WASHINGTON – American reservists (search)are stressed "nearly to the breaking point" with repeated and extended deployments in wars in Afghanistan and Iraq, some lawmakers said Wednesday.
House Armed Services Committee Chairman Duncan Hunter, (search) R-Calif., said recent moves to find more combat soldiers for Iraq — including the use of troops who normally train others — could "mortgage the future" of the nation's military and warned that the "elasticity of the force" needs to be preserved.
He noted that the ratio of Reserve to active duty soldiers in Iraq is increasing and said he was concerned troops aren't getting enough time back in the states in between deployments.
"I'm worried ... worried for them, for asking very few to exert an enormous sustained effort for the good of all of us," added Missouri Rep. Ike Skelton (search), said ranking Democrat on the panel.
The committee was hearing testimony on troop rotations (search) in Iraq and Afghanistan, looking with particular interest at Reservists and at a move made last week by the Defense Department to call back soldiers who have already served.
For the first time in more than a decade, the Army is forcing thousands of former soldiers back into uniform, a reflection of the strain on the service of long campaigns in Iraq and Afghanistan. More than 5,600 former soldiers — mostly those who recently finished serving and have skills in military policing, engineering, logistics, medicine or transportation — will be assigned to National Guard and Reserve units that are scheduled to deploy to Iraq or Afghanistan.
Perhaps thousands more are likely to be called up next year, the Pentagon said.
The new call-up is the first sizable activation of the 111,000-member Individual Ready Reserve (search) since the 1991 Gulf War, though several hundred people have voluntarily returned to service since the Sept. 11, 2001 terror attacks.
"Accessing the IRR to obtain the right soldiers for specific requirements allows us to minimize cross-leveling between units, thereby protecting other units for future requirements by maintaining their cohesion — a critical force multiplier in combat," Gen. Richard Cody, Army vice chief of staff, said in prepared remarks before the committee.
Cody said that within a week, the Army will begin deploying 5,600 IRR soldiers. Already, 2,300 soldiers have been deployed from this unit in the War on Terror.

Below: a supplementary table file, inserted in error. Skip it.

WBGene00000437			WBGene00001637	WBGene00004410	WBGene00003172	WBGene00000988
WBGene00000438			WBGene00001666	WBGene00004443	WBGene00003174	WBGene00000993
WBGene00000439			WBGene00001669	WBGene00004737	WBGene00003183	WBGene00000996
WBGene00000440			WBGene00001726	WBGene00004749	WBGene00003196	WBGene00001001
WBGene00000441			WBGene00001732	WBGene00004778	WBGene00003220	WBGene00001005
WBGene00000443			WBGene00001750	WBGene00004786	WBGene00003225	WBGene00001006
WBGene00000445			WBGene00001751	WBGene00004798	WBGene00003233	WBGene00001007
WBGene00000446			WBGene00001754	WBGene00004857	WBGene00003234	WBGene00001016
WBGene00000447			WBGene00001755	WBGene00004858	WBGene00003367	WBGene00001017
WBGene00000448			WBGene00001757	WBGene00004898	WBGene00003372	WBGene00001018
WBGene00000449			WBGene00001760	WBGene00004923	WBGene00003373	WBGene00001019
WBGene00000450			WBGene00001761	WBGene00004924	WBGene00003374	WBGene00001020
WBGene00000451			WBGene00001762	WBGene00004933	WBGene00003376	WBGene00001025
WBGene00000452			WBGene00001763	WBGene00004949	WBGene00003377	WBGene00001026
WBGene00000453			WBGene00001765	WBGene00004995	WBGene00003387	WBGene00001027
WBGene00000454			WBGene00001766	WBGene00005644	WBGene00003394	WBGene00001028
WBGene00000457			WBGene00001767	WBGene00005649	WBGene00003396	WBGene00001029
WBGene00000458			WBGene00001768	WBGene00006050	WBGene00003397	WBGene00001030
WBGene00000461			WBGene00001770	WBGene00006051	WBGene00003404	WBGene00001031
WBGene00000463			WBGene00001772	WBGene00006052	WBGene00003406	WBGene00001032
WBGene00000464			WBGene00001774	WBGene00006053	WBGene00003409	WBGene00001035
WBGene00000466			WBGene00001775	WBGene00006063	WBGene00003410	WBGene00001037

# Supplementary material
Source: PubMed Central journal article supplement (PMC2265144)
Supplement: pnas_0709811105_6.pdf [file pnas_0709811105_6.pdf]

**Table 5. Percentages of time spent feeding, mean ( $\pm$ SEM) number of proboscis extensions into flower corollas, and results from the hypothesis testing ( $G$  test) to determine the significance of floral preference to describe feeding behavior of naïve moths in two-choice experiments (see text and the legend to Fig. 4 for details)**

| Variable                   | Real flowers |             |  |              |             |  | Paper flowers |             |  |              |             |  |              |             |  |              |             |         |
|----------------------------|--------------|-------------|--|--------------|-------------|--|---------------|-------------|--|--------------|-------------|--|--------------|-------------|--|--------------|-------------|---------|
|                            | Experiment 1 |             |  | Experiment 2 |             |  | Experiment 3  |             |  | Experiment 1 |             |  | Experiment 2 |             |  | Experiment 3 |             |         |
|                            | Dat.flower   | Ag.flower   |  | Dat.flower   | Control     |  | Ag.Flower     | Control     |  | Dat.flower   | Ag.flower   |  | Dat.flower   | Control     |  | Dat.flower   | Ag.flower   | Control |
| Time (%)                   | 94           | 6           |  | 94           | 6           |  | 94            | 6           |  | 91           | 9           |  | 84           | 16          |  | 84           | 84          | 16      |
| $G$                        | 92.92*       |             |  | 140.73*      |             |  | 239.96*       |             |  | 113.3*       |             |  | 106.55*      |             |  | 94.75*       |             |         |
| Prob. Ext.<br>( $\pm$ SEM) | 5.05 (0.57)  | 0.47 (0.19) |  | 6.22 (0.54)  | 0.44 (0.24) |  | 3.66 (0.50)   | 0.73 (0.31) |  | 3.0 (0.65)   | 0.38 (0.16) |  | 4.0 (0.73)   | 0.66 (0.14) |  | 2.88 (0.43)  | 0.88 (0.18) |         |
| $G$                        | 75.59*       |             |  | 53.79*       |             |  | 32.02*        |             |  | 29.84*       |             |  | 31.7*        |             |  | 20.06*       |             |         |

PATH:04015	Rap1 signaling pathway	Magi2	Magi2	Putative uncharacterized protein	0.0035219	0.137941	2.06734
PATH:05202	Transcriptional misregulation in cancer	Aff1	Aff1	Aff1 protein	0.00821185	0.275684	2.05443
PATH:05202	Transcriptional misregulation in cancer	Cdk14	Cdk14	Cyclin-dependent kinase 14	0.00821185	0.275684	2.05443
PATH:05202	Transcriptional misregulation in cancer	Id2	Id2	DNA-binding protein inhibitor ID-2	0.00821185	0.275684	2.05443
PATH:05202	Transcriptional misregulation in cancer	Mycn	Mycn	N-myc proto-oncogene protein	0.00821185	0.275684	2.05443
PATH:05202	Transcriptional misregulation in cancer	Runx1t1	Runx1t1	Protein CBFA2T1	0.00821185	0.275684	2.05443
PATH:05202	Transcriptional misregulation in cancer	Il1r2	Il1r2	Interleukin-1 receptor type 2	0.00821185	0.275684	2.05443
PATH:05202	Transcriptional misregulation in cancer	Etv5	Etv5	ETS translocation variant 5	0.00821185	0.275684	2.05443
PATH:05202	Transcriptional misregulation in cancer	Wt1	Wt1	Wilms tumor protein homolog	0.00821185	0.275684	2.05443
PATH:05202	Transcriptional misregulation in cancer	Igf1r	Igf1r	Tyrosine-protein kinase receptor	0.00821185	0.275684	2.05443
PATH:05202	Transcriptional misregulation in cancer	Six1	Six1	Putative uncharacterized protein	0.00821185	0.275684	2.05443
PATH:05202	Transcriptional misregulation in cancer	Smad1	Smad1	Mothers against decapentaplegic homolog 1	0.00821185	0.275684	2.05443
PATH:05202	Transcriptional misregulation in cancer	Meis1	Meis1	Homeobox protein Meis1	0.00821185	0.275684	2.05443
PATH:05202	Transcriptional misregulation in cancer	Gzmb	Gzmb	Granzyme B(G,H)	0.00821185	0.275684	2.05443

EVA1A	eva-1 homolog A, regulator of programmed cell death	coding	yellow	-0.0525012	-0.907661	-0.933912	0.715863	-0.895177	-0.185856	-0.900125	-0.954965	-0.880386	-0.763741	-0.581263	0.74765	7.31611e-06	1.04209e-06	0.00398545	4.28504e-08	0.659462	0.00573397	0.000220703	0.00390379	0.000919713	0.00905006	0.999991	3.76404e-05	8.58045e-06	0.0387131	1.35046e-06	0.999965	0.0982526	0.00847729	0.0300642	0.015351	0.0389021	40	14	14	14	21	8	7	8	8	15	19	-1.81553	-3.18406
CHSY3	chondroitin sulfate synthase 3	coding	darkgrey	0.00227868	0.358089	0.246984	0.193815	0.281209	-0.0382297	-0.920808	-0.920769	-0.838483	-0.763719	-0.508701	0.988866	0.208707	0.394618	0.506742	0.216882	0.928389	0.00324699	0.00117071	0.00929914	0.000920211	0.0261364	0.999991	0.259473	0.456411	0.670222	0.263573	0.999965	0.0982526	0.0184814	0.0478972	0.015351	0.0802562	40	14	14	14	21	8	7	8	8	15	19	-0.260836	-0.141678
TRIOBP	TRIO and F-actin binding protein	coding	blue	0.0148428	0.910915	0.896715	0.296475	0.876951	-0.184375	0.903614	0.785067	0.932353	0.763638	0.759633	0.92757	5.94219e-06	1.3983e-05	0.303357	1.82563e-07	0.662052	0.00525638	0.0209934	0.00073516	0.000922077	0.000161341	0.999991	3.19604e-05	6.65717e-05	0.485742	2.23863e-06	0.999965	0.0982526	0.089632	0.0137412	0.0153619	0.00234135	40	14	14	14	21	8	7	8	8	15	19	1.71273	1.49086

People in the Individual Ready Reserve are distinct from the National Guard (search) and Reserve because they do not perform regularly scheduled training and are not paid as reservists. They are eligible to be recalled in an emergency because their active duty hitches did not complete the service obligation in their enlistment contracts.
Stretched by war needs, the Pentagon has declared a "stop-loss" to prevent the separation of troops who have finished their obligation. The Army is so stretched for manpower that in April it broke a promise to some active-duty units, including the 1st Armored Division, that they would not have to serve more than 12 months in Iraq. It also has extended the tours of other units, including some in Afghanistan.
"We're taxing our part-time soldiers, our Guard and Reserves nearly to the breaking point," said Skelton. "We have to be aware that the families back home are paying a significant price. We don't want to break the force."
But David S.C. Chu, undersecretary of defense for personnel and readiness, testified that much care is taken in thinking about such issues as date and duration of last deployment before troops are deployed, and said only if assets from around the globe can't be obtained are more U.S. troops used.
In Afghanistan and Iraq, several things are taken into consideration when deploying troops, including that forces do not spend more than one year "boots on the ground," don't exceed more than 24 months cumulative mobilization time and make sure all military sectors contribute resources equally.
"We are also employing a number of innovative force management practices to meet the challenge of current operations," Chu said, adding that Congress could help by enacting legislation "to improve flexibility in personnel management."
Critics say the stop-losses and dipping into the Individual Ready Reserve amounts to conscripting people to fight in Iraq. Some say the military needs a permanent increase in troops.
The Associated Press contributed to this report.